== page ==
The opposing units form the Red Force, which is made up of the Konya-based 132 Weapons and Tactics Squadron (Filo), callsign ‘Dagger’, with their Lockheed Martin F-16 Fighting Falcons. They operate in the Aggressor role. Controlling their operations are Ground Controllers, callsign ‘Redeye’, whilst further threats are provided by a range of ground-based air defence systems, call sign ‘Hammer’. These are predominantly mobile radar and anti-aircraft missile and gun systems. The Red Force is seen as the training aid for the Blue Force.
Controlling the exercise is the White Force. They develop the scenarios, release the Air Tasking Orders (ATOs), monitor the missions and analyse the results. Under the auspices of the Air Boss, an experienced fast jet pilot, they provide Command and Control (C2) of the exercise using the Air Combat Manoeuvring Instrumentation (ACMI) system. This allows the White Force to track in real time every aircraft taking part, and to be able to monitor such parameters as their altitude and airspeed. It is the Air Bosses most valuable tool.
Fundamentally the Blue Force is given targets to attack in the Red lands using Combined Air Operations (COMAO), which are defended by the Red Force with aircraft and ground-based systems.
The Anatolian Eagle facilities are located in one area on the Western side of the base. Each Force has its own buildings within the complex; Blue Force has three buildings whilst Red and White have one each. Only members of the respective Force are allowed in their buildings. They are all situated close to the main briefing room, and nearby are accommodation blocks and other social facilities.
According to Col Erturk, who commanded the recent Turkish Air Force deployment to Red Flag 16-2, recent and current operations, particularly Operation Unifed Protector, are studied and lessons learned are applied to the exercise. Dynamic Targeting (DT) – prosecution of targets that were not included in the deliberate targeting process – and Time Sensitive Targeting (TST) – targets requiring immediate response because they pose (or will soon pose) danger to friendly forces or are highly lucrative, fleeting targets of opportunity – were the focus of the 2016 exercise. Additionally, CSAR was included in each mission.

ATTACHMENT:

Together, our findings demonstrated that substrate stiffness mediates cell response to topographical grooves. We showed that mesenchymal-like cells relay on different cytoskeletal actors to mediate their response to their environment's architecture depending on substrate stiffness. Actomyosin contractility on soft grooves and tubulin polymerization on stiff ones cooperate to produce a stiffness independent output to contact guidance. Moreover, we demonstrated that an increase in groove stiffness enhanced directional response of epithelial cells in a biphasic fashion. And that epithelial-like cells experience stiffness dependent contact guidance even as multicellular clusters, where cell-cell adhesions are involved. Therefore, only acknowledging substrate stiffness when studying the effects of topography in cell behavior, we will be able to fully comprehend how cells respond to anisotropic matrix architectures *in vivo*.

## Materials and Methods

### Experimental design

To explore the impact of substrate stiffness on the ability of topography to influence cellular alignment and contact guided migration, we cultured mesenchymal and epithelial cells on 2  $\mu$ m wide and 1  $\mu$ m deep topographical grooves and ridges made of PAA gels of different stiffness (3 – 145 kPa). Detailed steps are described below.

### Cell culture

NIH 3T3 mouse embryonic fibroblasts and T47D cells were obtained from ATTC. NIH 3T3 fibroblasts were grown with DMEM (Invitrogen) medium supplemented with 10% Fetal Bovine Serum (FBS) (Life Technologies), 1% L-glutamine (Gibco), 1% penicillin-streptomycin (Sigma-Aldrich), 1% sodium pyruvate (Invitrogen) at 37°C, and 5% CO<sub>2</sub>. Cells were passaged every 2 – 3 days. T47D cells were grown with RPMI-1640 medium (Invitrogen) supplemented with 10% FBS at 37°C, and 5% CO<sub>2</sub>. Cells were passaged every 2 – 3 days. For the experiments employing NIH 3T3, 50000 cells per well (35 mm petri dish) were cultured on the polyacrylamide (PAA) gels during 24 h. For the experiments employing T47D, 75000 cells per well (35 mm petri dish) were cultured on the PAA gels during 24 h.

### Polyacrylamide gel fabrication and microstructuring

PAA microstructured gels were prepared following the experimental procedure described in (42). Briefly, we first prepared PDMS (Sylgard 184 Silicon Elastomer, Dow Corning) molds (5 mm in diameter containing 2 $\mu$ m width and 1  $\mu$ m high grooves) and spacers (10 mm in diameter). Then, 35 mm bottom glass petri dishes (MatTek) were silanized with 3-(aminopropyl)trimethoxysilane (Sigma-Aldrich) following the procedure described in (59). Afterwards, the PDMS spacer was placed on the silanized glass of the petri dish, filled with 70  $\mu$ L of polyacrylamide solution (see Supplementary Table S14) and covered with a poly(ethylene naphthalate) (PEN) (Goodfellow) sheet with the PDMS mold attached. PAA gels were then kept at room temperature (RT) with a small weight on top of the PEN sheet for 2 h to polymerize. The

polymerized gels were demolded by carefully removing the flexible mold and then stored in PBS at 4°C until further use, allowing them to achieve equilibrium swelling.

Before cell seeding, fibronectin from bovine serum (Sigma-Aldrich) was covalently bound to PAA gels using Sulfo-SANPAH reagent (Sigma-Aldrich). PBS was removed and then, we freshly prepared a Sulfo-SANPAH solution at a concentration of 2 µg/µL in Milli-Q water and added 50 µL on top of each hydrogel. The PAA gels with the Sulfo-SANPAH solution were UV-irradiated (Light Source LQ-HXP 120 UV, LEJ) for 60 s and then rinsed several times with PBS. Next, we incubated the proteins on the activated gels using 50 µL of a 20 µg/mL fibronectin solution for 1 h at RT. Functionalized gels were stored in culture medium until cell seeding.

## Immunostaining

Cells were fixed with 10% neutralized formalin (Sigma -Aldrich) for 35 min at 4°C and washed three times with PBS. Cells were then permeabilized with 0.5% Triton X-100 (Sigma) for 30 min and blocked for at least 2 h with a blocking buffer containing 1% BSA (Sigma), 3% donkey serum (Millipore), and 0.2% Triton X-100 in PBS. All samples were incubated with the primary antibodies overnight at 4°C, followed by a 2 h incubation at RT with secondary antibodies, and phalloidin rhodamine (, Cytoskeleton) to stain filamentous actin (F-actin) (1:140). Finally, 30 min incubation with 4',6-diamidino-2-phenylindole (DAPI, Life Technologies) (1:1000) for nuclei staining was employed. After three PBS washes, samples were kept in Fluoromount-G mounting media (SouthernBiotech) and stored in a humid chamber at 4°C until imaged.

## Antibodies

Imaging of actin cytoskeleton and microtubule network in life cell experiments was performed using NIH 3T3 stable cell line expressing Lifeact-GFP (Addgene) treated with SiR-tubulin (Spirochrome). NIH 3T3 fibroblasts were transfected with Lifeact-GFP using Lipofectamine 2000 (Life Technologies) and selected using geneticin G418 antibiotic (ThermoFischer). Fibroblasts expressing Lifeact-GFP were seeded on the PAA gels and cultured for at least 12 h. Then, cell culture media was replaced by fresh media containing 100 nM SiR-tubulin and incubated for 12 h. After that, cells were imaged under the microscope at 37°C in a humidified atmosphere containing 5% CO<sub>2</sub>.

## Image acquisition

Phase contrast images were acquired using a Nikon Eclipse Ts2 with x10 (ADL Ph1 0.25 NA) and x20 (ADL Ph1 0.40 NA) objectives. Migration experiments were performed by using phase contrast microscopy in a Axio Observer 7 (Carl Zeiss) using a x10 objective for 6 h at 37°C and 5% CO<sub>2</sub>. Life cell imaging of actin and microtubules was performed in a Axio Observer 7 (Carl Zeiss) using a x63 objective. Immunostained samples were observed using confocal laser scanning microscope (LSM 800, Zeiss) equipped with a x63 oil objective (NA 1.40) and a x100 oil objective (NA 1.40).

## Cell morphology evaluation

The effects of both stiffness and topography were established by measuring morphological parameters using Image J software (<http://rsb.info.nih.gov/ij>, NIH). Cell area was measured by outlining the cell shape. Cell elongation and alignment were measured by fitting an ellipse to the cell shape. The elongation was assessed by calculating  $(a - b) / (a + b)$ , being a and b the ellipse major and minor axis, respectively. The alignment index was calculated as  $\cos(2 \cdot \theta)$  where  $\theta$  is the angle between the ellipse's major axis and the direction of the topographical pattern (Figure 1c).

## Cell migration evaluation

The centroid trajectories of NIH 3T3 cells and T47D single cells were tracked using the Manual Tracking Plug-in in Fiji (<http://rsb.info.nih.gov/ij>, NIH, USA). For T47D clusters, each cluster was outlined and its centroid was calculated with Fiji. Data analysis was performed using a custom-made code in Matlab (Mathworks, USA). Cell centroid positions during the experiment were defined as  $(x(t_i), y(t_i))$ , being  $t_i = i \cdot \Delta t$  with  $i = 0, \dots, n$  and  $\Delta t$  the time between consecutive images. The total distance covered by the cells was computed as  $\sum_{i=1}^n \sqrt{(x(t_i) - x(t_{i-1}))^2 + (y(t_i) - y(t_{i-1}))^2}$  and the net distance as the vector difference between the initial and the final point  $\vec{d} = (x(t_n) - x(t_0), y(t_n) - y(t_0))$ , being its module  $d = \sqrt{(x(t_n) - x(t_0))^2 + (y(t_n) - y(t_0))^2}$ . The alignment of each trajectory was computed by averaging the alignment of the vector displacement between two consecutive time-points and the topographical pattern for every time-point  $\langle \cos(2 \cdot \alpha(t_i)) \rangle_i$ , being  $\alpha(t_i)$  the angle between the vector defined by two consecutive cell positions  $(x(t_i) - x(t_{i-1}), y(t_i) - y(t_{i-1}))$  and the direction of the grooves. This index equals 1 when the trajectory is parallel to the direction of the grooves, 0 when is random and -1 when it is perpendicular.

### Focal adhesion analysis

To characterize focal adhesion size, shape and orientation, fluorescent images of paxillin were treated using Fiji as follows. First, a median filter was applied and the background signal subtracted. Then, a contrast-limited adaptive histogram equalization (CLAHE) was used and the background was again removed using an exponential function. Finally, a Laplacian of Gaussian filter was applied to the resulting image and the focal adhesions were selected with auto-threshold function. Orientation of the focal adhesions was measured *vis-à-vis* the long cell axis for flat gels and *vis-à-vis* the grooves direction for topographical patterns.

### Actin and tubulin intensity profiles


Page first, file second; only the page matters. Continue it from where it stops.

Anatolian Eagle 16-2 ran from 30 May until 10 June. Units participating in this exercise were predominantly from the Turkish Air Force, with most fast jet squadrons being represented. There was also participation from the Italian Air Force with Tornados, Royal Netherlands Air Force with a KDC-10 and NATO with an E-3A, plus from further East the Pakistan Air Force with F-16s and the Royal Saudi Air Force, also with Tornados. A total of 45 Turkish aircraft and 22 aircraft from allied nations were allocated to the exercise along with 673 Turkish and 532 international personnel. However, most of the Turkish fast jet squadrons appeared to have brought extra aircraft.
Although it was spread over a three-week period, the first week involved arrival procedures, briefings and local familiarisation flights, with the first full mission not being flown until the Monday of week two. Two missions were planned for most weekdays, all daytime missions, with the last one being on the Thursday morning of week three. One group of aircrew would fly the morning mission whilst a second group would fly the afternoon one, whilst others would be planning the next day’s missions.